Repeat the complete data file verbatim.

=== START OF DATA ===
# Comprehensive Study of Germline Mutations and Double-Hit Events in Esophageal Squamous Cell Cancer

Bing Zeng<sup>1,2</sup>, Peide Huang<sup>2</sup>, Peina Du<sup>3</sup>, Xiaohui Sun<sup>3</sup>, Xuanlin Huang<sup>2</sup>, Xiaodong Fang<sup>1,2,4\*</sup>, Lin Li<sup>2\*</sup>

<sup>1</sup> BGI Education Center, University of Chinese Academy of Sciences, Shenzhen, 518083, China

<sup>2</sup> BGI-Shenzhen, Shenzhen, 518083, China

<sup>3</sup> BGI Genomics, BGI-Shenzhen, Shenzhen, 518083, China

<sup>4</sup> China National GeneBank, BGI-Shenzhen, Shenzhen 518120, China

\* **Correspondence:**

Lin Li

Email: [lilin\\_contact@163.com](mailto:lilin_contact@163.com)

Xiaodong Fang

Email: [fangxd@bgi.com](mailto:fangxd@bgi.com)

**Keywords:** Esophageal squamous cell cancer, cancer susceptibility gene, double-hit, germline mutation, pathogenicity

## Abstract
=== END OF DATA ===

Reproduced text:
# Comprehensive Study of Germline Mutations and Double-Hit Events in Esophageal Squamous Cell Cancer

Bing Zeng<sup>1,2</sup>, Peide Huang<sup>2</sup>, Peina Du<sup>3</sup>, Xiaohui Sun<sup>3</sup>, Xuanlin Huang<sup>2</sup>, Xiaodong Fang<sup>1,2,4\*</sup>, Lin Li<sup>2\*</sup>

<sup>1</sup> BGI Education Center, University of Chinese Academy of Sciences, Shenzhen, 518083, China

<sup>2</sup> BGI-Shenzhen, Shenzhen, 518083, China

<sup>3</sup> BGI Genomics, BGI-Shenzhen, Shenzhen, 518083, China

<sup>4</sup> China National GeneBank, BGI-Shenzhen, Shenzhen 518120, China

\* **Correspondence:**

Lin Li

Email: [lilin\\_contact@163.com](mailto:lilin_contact@163.com)

Xiaodong Fang

Email: [fangxd@bgi.com](mailto:fangxd@bgi.com)

**Keywords:** Esophageal squamous cell cancer, cancer susceptibility gene, double-hit, germline mutation, pathogenicity

## Abstract